4 Types of Space: Silent, Semi-silent, Collaborative and Common, brought to you by Wendy Clark
The Volvo Group are moving towards some big changes from their current way of working. The group are traditionalists and love to have their status offices with their teams sitting outside. However we are seeing an increase of staff rarely sitting at their allocated desk during the working day.
Conducting desk usage in some of the big sales and back office areas we are seeing 45% utilisation with meeting room usage increasing, especially small rooms for individual use.
I have had the privilege to be included as part of the Volvo Future Workplace project where we have produced a complete workbook describing how we want to design, develop and use our workspace going forward. It has been agreed that it is important that we keep the Volvo heritage in mind when creating a new workspace. We have developed 13 ‘Task’ areas split into 4 types of space, silent, semi-silent, collaborative and common with the look and feel of all the areas identified within each description.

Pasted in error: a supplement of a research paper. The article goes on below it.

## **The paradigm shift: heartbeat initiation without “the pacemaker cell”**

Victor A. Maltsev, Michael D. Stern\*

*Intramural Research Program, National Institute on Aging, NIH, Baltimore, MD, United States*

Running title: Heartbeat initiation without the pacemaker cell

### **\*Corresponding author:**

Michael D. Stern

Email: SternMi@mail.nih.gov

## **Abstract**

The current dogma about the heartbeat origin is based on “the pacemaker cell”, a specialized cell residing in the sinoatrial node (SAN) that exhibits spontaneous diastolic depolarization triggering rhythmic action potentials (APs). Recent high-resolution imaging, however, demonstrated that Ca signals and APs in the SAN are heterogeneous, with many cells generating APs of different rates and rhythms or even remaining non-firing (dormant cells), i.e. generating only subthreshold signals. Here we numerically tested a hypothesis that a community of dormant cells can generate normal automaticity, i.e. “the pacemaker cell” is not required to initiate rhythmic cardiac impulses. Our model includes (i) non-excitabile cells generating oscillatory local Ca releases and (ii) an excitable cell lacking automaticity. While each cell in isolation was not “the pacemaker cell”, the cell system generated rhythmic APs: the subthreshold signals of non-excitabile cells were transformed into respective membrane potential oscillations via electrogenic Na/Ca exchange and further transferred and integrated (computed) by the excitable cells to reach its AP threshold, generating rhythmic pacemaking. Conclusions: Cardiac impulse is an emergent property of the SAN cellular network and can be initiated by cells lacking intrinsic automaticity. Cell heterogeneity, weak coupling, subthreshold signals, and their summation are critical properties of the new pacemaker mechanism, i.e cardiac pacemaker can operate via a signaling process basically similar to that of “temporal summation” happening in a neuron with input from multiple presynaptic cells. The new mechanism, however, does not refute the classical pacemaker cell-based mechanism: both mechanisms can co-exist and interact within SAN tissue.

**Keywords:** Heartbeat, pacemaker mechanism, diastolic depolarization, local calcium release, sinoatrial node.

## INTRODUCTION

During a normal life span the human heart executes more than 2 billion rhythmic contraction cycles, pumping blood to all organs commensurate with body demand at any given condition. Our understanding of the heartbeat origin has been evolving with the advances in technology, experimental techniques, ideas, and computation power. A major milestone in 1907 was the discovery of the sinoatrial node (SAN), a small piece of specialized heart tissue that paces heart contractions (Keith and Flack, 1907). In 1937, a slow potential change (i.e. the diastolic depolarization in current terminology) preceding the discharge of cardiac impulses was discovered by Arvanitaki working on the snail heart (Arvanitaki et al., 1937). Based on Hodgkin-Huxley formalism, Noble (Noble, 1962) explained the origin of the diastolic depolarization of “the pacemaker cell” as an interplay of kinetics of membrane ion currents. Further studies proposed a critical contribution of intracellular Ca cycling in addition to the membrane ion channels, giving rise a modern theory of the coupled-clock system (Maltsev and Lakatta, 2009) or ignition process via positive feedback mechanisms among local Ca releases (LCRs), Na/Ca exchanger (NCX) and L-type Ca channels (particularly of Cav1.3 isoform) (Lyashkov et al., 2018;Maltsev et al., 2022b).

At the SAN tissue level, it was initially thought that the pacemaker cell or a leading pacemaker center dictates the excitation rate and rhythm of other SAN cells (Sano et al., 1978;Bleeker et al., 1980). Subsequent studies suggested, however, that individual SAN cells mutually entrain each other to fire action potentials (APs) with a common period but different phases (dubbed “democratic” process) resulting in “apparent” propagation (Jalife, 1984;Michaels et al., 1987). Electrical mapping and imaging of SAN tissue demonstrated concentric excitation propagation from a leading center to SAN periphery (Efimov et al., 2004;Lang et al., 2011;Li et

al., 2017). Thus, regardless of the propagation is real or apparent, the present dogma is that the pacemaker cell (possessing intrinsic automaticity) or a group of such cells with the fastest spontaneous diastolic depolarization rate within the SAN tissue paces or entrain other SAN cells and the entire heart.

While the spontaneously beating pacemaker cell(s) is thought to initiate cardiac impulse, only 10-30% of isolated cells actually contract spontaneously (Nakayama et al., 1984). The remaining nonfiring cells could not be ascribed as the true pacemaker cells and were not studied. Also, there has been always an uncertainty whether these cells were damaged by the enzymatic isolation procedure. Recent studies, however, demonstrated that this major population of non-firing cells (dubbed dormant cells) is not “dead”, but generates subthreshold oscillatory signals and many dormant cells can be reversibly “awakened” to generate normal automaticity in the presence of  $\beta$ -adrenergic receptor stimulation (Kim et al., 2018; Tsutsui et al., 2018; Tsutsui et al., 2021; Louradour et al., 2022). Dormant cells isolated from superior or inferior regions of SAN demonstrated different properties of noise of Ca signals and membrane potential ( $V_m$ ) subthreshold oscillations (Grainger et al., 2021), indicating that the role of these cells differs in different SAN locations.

One of my roles within the group is as Service Specialist in Workplace Efficiency for Western Europe, my project role will be as advisor to any new projects that will incorporate the Future Workplace way of working. Unfortunately WED has not been identified yet as one of the first to use this new concept so I am looking forward to when this will happen. There are several buildings that are currently undergoing this transformation around the globe and we are all waiting with baited breath to see how it is going to be accepted by the Volvo Group staff.